ART GALLERY OF GUELPH Septem­ber 14 to Fe­bru­ary 11

Canadian Art - - Pre­view -

Draw­ing from the gallery’s col­lec­tion of Indige­nous art and timed to co­in­cide with Canada’s sesqui­cen­ten­nial, this ex­hi­bi­tion aims to prompt re­flec­tion about the re­la­tion­ship be­tween na­tion­hood and Indi­gene­ity in Canada. Di­rec­tor Shauna Mccabe be­lieves art and pol­i­tics can­not be sep­a­rated.

SHAUNA MCCABE: Shel­ley Niro ex­plores myth­mak­ing and sto­ry­telling through por­trai­ture in her se­ries Ghosts, Girls, Grand­mas. Ghost im­agery re­curs in her work to pro­vide al­ter­na­tive read­ings to his­tor­i­cal events, to trou­ble the bound­ary be­tween past, present and fu­ture. The wampum frame and the Þgure with its psy­chic dou­ble hov­er­ing over his shoul­der sig­nify Iro­quois an­cient his­to­ries that are ßuid in their telling of time.

Michael Massie is a carver and sil­ver­smith who is renowned for his teapot sculp­tures. They high­light ten­sions be­tween the or­ganic and the do­mes­tic through iconog­ra­phy from Inuit cul­ture blurred with Euro­pean tra­di­tions. The hu­mour en­hances the par­tic­i­pa­tory di­men­sion of the tea cer­e­mony.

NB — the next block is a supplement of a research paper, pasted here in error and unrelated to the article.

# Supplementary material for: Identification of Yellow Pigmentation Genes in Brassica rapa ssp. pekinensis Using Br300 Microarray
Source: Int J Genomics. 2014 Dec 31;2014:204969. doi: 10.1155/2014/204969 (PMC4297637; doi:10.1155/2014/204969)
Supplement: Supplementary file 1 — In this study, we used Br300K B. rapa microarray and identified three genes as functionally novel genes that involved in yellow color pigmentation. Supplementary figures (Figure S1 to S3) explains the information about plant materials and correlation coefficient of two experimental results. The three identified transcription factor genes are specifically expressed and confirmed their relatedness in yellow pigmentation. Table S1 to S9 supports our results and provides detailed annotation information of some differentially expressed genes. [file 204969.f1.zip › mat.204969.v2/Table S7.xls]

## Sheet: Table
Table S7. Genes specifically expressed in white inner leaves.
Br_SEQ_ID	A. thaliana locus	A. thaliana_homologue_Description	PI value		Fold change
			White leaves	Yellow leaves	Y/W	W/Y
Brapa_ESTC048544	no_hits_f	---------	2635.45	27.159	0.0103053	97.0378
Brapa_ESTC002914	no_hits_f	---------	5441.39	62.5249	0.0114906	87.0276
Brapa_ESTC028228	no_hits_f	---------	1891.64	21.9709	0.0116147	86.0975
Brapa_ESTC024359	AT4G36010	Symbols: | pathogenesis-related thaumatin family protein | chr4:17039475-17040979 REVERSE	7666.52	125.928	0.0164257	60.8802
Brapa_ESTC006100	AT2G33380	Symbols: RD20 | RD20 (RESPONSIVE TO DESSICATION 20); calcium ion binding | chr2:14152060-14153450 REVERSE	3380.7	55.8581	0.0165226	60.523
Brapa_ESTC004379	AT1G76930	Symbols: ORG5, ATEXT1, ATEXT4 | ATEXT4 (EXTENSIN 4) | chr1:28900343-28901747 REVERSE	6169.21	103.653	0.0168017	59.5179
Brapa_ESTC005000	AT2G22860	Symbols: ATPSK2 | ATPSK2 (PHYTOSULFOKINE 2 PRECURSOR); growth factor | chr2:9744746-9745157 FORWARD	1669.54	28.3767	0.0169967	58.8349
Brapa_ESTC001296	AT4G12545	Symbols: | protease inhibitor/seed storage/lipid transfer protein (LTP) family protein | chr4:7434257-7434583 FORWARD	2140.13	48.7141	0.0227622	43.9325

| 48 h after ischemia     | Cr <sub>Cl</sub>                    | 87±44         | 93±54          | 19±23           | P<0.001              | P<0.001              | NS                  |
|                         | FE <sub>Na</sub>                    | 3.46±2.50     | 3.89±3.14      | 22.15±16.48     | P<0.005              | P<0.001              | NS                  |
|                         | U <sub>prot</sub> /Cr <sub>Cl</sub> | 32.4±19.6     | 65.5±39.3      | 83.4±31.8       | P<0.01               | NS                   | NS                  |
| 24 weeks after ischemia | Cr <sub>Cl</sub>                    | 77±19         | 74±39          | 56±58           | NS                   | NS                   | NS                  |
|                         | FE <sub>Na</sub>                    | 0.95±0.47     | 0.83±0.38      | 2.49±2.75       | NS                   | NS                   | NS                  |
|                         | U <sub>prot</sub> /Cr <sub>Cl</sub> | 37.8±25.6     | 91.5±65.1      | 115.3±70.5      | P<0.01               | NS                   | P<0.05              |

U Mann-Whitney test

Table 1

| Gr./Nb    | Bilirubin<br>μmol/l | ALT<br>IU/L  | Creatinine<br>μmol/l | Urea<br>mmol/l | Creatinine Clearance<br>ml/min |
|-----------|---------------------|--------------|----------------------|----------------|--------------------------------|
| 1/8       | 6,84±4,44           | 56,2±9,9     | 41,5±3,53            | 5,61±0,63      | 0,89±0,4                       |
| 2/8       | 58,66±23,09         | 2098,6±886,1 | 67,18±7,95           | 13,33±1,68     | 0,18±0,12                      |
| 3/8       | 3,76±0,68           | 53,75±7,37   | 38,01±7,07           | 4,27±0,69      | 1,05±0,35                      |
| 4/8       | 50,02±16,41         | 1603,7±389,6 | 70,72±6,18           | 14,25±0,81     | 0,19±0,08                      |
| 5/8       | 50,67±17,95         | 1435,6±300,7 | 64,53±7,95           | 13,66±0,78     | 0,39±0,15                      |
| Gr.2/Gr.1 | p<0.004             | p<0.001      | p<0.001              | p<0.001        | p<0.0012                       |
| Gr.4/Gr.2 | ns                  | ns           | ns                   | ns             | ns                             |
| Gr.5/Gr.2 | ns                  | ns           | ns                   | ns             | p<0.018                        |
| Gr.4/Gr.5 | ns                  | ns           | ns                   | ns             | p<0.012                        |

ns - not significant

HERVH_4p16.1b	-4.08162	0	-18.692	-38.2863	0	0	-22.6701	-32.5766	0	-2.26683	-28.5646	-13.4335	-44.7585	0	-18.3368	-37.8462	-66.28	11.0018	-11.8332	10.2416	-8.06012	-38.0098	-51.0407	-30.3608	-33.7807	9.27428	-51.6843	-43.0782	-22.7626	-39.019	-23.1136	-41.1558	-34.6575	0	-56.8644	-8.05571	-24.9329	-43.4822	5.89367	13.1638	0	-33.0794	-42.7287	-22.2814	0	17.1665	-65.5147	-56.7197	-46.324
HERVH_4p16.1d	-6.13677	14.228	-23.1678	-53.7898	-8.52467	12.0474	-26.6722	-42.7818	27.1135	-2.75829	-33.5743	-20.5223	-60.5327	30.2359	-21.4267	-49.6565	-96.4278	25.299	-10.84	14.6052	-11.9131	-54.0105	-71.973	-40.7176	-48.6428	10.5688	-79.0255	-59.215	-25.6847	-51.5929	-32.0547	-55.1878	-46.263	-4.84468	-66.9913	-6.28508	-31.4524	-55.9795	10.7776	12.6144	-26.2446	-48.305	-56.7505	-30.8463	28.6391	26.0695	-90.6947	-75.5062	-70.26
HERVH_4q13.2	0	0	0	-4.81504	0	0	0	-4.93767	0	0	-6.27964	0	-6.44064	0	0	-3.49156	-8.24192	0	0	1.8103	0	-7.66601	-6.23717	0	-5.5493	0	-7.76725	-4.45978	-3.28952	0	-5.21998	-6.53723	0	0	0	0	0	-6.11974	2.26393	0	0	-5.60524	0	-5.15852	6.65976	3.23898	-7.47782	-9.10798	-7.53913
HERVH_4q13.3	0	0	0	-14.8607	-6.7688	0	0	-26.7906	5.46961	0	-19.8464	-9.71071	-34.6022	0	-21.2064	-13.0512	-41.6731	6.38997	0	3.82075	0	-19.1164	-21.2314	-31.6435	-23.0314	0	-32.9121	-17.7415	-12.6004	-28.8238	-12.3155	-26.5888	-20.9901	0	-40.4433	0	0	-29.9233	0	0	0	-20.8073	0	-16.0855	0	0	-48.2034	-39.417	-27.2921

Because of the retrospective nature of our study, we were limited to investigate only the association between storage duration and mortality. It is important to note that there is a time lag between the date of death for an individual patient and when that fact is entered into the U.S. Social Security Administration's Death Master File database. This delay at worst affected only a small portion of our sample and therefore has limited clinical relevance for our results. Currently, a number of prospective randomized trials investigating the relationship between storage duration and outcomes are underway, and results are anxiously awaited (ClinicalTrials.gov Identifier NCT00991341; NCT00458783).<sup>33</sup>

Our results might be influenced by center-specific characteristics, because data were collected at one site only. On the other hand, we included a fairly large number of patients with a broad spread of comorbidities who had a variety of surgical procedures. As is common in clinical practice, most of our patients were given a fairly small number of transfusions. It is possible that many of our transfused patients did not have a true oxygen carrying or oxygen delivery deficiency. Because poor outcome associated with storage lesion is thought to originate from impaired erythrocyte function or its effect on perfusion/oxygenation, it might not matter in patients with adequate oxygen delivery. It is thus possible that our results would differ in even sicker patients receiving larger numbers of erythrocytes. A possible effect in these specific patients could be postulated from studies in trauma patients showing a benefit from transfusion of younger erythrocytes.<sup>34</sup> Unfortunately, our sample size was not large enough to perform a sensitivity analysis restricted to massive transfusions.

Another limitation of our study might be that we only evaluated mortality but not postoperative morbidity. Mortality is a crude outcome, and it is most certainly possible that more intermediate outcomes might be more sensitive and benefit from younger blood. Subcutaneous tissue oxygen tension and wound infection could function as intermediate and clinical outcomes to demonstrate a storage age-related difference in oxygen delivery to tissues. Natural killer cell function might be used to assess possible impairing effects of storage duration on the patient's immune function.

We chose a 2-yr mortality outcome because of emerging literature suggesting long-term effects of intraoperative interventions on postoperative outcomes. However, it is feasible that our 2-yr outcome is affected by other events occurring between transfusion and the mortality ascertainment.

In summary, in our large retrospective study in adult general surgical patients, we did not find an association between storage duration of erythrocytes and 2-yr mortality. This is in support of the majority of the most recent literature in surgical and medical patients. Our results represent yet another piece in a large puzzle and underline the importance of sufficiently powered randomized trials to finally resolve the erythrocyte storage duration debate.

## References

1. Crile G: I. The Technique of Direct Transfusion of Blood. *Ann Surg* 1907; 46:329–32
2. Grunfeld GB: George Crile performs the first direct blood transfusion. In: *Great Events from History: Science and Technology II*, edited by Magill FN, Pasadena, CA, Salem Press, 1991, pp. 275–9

In his larger-than-life per­for­mance-por­trait se­ries Masks, Arthur Ren­wick asked Indige­nous artists, writ­ers and thinkers to cre­ate masks of their own faces. Each of these per­form­er­sñin this case, Re­becca Bel­moreñ con­sid­ers the difþcult re­la­tion­ship be­tween them­selves and how Indige­nous peo­ple have been rep­re­sented, then mock it in this play­ful yet crit­i­cal way.

FROM TOP: Shel­ley Niro Ghost 2004 Michael Massie let me whip you up a cup of tea 2007

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